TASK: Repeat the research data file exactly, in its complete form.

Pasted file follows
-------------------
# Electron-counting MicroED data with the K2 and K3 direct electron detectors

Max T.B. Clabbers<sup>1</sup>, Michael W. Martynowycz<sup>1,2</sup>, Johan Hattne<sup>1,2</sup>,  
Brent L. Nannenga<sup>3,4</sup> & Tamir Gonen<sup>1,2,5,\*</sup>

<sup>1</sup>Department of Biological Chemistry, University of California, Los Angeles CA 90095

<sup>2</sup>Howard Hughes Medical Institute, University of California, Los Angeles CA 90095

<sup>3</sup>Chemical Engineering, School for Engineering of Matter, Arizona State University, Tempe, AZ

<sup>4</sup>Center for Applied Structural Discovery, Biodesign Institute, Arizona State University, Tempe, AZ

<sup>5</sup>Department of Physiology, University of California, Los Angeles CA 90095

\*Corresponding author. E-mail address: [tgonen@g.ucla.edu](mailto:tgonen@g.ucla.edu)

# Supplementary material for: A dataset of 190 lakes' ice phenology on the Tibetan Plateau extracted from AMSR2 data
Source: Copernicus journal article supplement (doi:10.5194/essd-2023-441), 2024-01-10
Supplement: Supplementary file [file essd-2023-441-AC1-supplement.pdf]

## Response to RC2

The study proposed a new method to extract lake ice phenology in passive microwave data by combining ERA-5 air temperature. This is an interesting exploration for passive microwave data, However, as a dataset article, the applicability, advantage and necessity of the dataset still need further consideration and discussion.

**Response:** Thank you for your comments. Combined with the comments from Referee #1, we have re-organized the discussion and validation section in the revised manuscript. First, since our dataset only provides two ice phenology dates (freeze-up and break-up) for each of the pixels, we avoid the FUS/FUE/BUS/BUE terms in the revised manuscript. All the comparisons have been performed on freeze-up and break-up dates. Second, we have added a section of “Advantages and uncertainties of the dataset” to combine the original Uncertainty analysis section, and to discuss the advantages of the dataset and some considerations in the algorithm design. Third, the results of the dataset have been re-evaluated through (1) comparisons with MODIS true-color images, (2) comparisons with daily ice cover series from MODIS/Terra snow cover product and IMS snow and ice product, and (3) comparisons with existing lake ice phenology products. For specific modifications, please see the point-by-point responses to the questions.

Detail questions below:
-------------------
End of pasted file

# Electron-counting MicroED data with the K2 and K3 direct electron detectors

Max T.B. Clabbers<sup>1</sup>, Michael W. Martynowycz<sup>1,2</sup>, Johan Hattne<sup>1,2</sup>,  
Brent L. Nannenga<sup>3,4</sup> & Tamir Gonen<sup>1,2,5,\*</sup>

<sup>1</sup>Department of Biological Chemistry, University of California, Los Angeles CA 90095

<sup>2</sup>Howard Hughes Medical Institute, University of California, Los Angeles CA 90095

<sup>3</sup>Chemical Engineering, School for Engineering of Matter, Arizona State University, Tempe, AZ

<sup>4</sup>Center for Applied Structural Discovery, Biodesign Institute, Arizona State University, Tempe, AZ

<sup>5</sup>Department of Physiology, University of California, Los Angeles CA 90095

\*Corresponding author. E-mail address: [tgonen@g.ucla.edu](mailto:tgonen@g.ucla.edu)

# Supplementary material for: A dataset of 190 lakes' ice phenology on the Tibetan Plateau extracted from AMSR2 data
Source: Copernicus journal article supplement (doi:10.5194/essd-2023-441), 2024-01-10
Supplement: Supplementary file [file essd-2023-441-AC1-supplement.pdf]

## Response to RC2

The study proposed a new method to extract lake ice phenology in passive microwave data by combining ERA-5 air temperature. This is an interesting exploration for passive microwave data, However, as a dataset article, the applicability, advantage and necessity of the dataset still need further consideration and discussion.

**Response:** Thank you for your comments. Combined with the comments from Referee #1, we have re-organized the discussion and validation section in the revised manuscript. First, since our dataset only provides two ice phenology dates (freeze-up and break-up) for each of the pixels, we avoid the FUS/FUE/BUS/BUE terms in the revised manuscript. All the comparisons have been performed on freeze-up and break-up dates. Second, we have added a section of “Advantages and uncertainties of the dataset” to combine the original Uncertainty analysis section, and to discuss the advantages of the dataset and some considerations in the algorithm design. Third, the results of the dataset have been re-evaluated through (1) comparisons with MODIS true-color images, (2) comparisons with daily ice cover series from MODIS/Terra snow cover product and IMS snow and ice product, and (3) comparisons with existing lake ice phenology products. For specific modifications, please see the point-by-point responses to the questions.

Detail questions below: